Photo: Times of Malta

The lack of any substantive cohesion in Malta between a number of policies, such as education or health, with sustainability is a worrying factor, according to the Maltese Social Watch report. The general absence of statistical data, particularly of disaggregated data by various social and economic criteria, resulting from a lack of collection or from the prevalent praxis of not making it public makes the reporting difficult. Yet, there is an obvious lack of coherent and comprehensive approach to the legal and policy framework relating to the SDGs. This also belies a weak vision both on the action required at a national level and in terms of Malta’s role within the international community and its contribution (despite it being a small country) at the global level.

Malta will hold the Presidency of the European Union in the first half of 2017 and it should practice what it preaches, argues the Maltese NGO Kopin, "by ending European agricultural subsidies and other unjust practices that are harming and keeping poor undeveloped countries from reaching their potential". Justice and dignity for Maltese citizens cannot be separated from that of all citizens around the world and therefore the role of Malta as tax haven should be revised, since "tax evasion and money laundering are two major causes of global poverty and injustice". Further, the Mediterranean island should do more towards the integration of migrants, combatting xenophobia and "putting special emphasis on the rights of children and youth who are migrating, irrespective of their reasons to move".

Malta participated as a member of the European Union in the process of formation of the 2030 Agenda; in September 2015 the country became a signatory to the Agenda and its 17 Sustainable Development Goals (SDGs). This means that Malta must keep its promises to implement these Goals, focused on eradicating poverty, ensuring decent work for all, achieving sustainable development, and making sure that no one is left behind. This report investigates Malta’s efforts towards achieving the 2030 Agenda and some of its key goals since the implementation period began in January 2016. It also investigates issues related to development more broadly and includes recommendations with a view to better realizing the SDGs. Education for all, while not part of this report, is also essential to allow people in poverty to be dignified agents of their own destiny and participate in advancing the 2030 Agenda.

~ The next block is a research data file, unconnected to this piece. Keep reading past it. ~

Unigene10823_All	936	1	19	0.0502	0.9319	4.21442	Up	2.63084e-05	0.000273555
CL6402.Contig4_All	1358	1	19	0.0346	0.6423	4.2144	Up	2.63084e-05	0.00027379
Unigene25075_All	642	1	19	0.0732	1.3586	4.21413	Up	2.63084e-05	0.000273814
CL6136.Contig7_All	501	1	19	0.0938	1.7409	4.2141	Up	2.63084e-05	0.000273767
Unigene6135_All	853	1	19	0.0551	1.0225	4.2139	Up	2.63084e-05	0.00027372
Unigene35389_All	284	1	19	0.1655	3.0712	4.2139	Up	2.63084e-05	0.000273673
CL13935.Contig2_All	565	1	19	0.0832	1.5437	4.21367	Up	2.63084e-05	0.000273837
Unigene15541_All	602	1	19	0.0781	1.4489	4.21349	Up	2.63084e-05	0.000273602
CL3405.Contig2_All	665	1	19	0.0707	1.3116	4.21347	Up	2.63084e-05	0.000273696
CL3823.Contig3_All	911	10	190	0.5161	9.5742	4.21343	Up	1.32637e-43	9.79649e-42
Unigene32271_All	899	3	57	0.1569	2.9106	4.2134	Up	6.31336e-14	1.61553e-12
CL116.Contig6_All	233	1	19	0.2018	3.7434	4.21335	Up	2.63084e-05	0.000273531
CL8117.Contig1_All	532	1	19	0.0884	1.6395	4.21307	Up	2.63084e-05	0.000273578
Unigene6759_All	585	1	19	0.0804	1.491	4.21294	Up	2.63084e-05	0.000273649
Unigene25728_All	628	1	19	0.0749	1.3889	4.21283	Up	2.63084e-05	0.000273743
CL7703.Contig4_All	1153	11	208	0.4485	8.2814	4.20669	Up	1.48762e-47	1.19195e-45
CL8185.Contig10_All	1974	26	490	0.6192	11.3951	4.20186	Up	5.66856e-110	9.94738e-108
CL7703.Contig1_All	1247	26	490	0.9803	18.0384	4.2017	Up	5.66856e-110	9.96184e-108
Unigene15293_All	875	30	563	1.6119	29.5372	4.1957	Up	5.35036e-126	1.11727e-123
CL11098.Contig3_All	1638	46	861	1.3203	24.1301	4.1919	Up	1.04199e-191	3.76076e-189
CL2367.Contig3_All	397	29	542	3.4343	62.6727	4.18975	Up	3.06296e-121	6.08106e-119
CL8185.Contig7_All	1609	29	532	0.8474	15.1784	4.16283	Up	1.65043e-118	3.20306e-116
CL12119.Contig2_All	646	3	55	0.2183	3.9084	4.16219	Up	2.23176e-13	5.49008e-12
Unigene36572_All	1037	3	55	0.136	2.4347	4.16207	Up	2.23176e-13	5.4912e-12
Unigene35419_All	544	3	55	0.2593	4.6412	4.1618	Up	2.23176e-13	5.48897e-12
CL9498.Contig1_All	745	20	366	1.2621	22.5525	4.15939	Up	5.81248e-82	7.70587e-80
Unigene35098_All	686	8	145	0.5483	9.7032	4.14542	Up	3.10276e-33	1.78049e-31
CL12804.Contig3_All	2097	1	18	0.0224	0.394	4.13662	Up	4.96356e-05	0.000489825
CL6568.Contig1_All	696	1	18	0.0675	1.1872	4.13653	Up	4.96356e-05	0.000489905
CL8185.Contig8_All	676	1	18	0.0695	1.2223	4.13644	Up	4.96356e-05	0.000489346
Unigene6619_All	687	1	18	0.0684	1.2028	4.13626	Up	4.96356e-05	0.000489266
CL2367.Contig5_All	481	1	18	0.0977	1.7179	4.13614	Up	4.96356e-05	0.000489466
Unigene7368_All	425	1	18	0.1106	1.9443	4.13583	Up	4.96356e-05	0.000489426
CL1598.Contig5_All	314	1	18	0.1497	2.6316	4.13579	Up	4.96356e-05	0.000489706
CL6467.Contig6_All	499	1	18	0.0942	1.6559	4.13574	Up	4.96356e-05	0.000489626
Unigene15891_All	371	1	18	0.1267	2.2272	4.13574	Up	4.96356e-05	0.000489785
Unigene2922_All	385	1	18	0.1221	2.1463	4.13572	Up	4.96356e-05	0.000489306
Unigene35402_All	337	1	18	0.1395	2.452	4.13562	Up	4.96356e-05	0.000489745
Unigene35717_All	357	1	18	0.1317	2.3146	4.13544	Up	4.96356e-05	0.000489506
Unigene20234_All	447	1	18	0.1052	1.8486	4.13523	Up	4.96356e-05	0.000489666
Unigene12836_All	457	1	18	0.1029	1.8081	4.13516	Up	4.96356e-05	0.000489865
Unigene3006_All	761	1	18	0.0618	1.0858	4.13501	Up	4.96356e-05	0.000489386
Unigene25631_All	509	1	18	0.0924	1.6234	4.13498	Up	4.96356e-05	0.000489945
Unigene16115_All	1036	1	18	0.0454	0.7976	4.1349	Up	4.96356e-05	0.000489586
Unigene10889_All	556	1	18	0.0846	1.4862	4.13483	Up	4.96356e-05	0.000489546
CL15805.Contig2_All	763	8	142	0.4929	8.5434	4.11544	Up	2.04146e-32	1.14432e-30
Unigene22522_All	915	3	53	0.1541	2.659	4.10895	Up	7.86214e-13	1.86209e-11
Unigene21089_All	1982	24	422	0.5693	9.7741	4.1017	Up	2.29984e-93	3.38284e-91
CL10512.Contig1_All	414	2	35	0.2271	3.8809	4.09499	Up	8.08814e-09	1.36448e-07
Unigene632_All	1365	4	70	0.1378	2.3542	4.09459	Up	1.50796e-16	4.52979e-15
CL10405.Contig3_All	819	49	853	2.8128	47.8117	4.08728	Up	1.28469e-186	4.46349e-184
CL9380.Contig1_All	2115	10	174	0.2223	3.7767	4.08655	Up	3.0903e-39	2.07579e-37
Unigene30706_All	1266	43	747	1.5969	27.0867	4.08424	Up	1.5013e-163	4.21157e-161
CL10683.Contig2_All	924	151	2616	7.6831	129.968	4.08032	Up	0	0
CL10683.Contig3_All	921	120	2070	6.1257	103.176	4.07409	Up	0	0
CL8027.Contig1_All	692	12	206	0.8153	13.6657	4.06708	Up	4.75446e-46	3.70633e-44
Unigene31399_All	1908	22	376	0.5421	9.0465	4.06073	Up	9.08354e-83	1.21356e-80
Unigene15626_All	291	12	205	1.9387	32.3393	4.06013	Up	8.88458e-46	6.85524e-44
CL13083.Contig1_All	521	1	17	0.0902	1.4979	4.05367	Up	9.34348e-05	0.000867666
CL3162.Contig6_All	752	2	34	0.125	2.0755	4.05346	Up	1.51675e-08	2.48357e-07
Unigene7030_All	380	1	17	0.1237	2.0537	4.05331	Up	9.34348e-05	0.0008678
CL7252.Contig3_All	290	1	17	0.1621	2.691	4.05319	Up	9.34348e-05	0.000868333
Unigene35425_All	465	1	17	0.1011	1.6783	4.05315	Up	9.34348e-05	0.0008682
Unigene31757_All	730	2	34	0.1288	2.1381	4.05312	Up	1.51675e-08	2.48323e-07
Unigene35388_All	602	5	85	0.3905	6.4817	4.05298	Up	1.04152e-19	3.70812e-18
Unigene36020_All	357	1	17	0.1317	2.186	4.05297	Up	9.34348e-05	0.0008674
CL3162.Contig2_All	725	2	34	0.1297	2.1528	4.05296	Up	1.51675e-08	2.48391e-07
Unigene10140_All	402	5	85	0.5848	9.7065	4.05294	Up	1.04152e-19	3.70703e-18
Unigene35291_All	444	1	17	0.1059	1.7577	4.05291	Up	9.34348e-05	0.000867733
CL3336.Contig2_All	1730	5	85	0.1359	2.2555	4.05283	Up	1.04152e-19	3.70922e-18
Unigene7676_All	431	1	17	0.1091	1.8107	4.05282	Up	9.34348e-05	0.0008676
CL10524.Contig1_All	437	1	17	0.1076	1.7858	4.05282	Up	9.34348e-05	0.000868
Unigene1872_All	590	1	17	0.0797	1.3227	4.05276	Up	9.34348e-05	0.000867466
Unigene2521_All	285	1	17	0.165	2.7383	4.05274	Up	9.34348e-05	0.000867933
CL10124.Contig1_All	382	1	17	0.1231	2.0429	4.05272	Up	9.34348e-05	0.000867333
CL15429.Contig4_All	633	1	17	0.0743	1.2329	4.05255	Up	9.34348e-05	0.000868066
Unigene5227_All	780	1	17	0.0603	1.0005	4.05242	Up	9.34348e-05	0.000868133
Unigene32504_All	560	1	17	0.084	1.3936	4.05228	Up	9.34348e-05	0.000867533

Malta, like all New Member States of the European Union, pledged to reach a level of official development assistance (ODA) of 0.17% of its gross national income (GNI) by 2010 and to increase it to 0.33% by 2015. Does Malta keep its promises to eradicate poverty in the world?

Civil society organizations have expressed their concern given that the government spends a large amount of ODA funds in the detention of irregular immigrants, many of them asylum seekers, the vulnerability of most of which is recognized through their refugee status or other forms of protection. Although the improvement in the distribution of ODA should be noted, 88% of bilateral aid is not clear. This is the reason why the government has been most criticized by NGOs in Malta and abroad.

In September 2000, Malta became a signatory to the Millennium Development Goals (MDGs) and promised to contribute towards eradicating world poverty. In 2005, after entering the European Union (EU), Malta became part of the European Consensus on Development common objectives and underlying principles and the European Union’s common vision on development, setting poverty eradication as ‘the primary and overarching objective of EU development cooperation’. Like all EU New Member States (NMS), Malta promised to reach a level of official development assistance (ODA) amounting to 0.17% of its gross national income (GNI) by 2010 and to increase its ODA/GNI ratio to 0.33% by 2015. The question arises: Is Malta keeping its promises towards eradicating world poverty?

In terms of gender equity Malta lags well behind the European average, and also behind the its closest neighbours in that region.

In order to promote a sustainable future that meets today’s needs without compromising those of future generations, the Maltese must begin to think of themselves less as “owners” of the environment and more as its “trustees and stewards.” Citizens must realize that environmental degradation and unjust resource sharing are a result of their selfishness, indifference and complacency and become more prudent in using their limited natural resources. The process of caring for the environment should involve subsidiarity – a principle associated with the decentralization of power and the provision of an enabling environment, including material assistance to decentralized units – and translate into more effective integration and co-ordination among responsible entities.



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